When I put my condo on the market this fall, a friend asked why I was bothering to use a real estate agent.
“It’s a hot building in a hot market,” she argued. “You could save yourself some money by selling it privately.”
The suggestion was tempting. After all, when you factor in lawyer’s fees and penalties for discharging the mortgage, selling a home can be expensive. I wasn’t thrilled about losing another 5 per cent of the purchase price to commission.
But while my penny-pinching instincts are powerful, one thing stopped me from going it alone: I don’t know anything about selling real estate. Even Monopoly stresses me out.
Just like I wouldn’t drill my own cavities to avoid paying dentist’s bills, I was unwilling to fake my way through selling a home.
Instead, my selling partner and I rehired the agent who’d helped us buy the place. She knocked 1 per cent off her commission because we were return customers and set to work taking photos, having a virtual tour recorded and promoting the sale on MLS and in the classifieds. I was glad to have a pro on board.
Of course, that didn’t mean I could avoid all the wheeling and dealing. Though an agent facilitates the selling process and makes sure everything gets done properly, the seller still has to make some big decisions – like setting a price.
When we bought the condo about two years ago, we paid just under $215,000. We knew that property values had gone up since then, but we didn’t know exactly how high.
When our agent showed us MLS listings for similar units that had been sold in the building over the past year, we were surprised to see prices in the $235,000 to $240,000 range.
Still, I was skeptical about what our unit was worth.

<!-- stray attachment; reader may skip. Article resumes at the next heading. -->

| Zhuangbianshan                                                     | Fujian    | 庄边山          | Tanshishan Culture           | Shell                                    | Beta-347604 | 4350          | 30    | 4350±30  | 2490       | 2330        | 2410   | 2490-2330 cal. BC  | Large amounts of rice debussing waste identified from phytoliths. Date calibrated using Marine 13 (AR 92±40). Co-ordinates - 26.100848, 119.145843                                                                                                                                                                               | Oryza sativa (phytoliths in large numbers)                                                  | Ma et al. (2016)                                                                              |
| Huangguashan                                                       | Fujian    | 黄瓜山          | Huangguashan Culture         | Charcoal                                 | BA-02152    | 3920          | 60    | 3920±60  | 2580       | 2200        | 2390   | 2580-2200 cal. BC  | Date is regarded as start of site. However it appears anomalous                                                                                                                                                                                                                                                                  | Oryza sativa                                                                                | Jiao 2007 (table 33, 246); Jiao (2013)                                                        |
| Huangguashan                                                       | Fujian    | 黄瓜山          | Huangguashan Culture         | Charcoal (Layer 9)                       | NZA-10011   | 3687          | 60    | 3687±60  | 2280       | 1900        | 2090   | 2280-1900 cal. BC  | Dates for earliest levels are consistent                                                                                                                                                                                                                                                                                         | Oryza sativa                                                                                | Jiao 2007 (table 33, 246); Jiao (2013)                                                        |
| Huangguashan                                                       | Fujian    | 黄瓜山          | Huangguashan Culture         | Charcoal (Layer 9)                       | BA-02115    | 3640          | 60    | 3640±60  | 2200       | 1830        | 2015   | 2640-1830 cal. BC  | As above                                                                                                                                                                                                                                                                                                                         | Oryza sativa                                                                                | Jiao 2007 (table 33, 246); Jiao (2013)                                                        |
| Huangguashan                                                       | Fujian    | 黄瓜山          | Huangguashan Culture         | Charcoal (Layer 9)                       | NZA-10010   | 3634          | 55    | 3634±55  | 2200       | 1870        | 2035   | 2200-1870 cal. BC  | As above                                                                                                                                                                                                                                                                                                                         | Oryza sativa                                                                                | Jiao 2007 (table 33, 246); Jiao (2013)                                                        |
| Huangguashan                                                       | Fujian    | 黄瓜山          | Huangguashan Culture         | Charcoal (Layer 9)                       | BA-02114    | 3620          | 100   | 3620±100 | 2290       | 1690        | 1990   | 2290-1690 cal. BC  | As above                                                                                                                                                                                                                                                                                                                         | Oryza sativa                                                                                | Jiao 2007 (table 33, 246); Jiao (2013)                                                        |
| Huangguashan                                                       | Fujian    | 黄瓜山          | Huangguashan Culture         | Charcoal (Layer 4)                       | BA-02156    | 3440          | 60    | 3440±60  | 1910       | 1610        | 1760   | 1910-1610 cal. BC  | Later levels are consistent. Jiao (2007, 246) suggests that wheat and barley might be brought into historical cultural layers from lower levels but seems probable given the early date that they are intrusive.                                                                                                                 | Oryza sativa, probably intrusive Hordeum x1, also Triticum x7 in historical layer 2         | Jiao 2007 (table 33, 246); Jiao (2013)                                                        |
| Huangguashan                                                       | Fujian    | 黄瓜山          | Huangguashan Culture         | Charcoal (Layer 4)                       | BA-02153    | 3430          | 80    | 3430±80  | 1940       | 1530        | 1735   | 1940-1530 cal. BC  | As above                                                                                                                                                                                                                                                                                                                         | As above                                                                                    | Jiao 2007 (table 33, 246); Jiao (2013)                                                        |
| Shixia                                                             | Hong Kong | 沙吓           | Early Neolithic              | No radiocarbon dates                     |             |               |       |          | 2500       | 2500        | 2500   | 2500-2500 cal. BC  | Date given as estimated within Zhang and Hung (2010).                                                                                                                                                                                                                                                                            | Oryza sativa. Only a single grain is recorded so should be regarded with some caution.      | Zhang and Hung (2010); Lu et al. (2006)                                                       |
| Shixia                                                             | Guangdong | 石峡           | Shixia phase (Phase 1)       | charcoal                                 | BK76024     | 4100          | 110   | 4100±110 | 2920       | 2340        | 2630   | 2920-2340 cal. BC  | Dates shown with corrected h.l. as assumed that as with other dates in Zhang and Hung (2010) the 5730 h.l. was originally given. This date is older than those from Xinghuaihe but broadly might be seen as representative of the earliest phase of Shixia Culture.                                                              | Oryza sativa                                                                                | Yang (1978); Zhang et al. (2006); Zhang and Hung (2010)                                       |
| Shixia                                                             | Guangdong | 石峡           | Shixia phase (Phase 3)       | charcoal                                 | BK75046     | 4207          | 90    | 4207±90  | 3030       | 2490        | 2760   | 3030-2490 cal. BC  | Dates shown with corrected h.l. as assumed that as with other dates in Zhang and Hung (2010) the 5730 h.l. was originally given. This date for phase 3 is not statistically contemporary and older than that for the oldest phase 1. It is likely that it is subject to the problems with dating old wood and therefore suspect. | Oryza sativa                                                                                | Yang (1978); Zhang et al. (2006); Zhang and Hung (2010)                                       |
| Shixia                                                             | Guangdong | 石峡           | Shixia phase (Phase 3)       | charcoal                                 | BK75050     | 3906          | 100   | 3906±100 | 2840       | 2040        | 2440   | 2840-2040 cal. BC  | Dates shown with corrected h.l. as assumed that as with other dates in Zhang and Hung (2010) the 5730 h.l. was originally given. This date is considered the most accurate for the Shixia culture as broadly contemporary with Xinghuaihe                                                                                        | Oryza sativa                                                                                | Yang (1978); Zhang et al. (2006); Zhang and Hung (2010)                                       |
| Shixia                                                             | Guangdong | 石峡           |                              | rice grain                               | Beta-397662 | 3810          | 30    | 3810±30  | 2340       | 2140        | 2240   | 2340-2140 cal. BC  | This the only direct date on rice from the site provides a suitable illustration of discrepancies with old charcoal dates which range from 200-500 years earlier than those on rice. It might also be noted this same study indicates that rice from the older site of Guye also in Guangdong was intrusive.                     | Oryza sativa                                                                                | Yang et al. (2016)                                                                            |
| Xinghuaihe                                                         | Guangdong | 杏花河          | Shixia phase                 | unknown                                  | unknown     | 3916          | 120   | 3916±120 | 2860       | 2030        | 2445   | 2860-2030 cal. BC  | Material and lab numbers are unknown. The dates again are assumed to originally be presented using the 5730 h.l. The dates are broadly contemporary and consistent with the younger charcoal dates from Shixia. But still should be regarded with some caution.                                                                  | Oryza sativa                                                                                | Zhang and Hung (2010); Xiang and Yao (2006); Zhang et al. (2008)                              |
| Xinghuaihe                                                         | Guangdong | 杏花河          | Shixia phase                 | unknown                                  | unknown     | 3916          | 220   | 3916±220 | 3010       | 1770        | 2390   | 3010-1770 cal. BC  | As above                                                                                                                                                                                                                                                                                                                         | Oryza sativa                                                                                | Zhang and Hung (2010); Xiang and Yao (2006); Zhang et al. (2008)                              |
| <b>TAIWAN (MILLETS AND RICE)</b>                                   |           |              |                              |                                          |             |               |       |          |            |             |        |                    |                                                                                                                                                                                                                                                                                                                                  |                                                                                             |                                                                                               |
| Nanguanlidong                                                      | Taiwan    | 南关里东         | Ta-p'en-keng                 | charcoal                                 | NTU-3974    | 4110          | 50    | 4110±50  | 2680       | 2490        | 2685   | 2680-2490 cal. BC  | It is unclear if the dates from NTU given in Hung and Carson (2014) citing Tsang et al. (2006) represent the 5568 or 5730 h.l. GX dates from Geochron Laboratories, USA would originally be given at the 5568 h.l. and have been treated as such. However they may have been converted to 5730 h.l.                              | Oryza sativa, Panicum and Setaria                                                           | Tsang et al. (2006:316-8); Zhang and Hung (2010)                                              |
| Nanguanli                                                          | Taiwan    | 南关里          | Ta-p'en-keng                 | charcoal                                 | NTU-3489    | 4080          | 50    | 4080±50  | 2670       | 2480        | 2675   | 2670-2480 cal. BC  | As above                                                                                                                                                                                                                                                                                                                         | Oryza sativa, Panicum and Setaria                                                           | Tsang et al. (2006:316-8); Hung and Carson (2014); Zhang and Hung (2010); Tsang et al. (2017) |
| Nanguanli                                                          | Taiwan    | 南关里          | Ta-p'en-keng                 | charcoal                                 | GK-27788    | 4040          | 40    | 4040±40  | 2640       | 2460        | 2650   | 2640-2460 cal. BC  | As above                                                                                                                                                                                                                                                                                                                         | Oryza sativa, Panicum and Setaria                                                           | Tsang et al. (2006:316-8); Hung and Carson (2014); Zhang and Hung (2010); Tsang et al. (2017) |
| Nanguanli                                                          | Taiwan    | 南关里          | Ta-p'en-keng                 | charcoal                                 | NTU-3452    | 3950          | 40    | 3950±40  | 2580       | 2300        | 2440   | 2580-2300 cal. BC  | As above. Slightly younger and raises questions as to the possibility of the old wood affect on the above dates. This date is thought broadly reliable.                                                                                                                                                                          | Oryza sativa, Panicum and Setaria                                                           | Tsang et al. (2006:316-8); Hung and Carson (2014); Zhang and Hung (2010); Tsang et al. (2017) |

Ever the pessimist, I went through the listings with a red pen, circling all the ways these units might have been worth more than ours – noting their polished concrete floors, unobstructed views and fancier appliances.
Luckily, our agent was not as wimpy as I am.
“Your place shows really well,” she reassured me, suggesting we price the suite at either $239,900 or $244,900.
As I considered these figures, I could feel cartoon dollar signs appear in my eyes. When we first decided to sell, I had hoped that we would break even. Now it seemed like we might make a profit, too.
Though it’s common wisdom that buying property is the best investment you can make, the truth of that statement didn’t click for me until that moment. Suddenly, I wanted to do everything in my power to maximize my return on investment.
We chose the higher figure.
Next, we had to settle on a timeline for accepting offers.
When we bought the condo, the seller had been considering offers as they came in, which gave us a strategic advantage as buyers: when we slipped him a lowball offer, it was the only one on the table. Though he signed it back, asking for a few thousand dollars more, we still nabbed the place for less than the list price and even got him to throw in his dinette set.
I didn’t want that happening to me as a seller.
So, in the hopes of inspiring a bidding war, we decided not to consider offers until a week and a half after the suite went on the market.
For that week and a half, we found other places to spend our time, making the unit available for viewings all day, every day, including an open house on the weekend (which, our agent informed us, was well attended by potential buyers and nosy neighbours alike). Dozens of people came and went.
On the day we were scheduled to take offers our agent called to say that at least two or three would be coming in. We nervously awaited the 7 p.m. deadline.
Return to this space in two weeks and I’ll tell you what happened.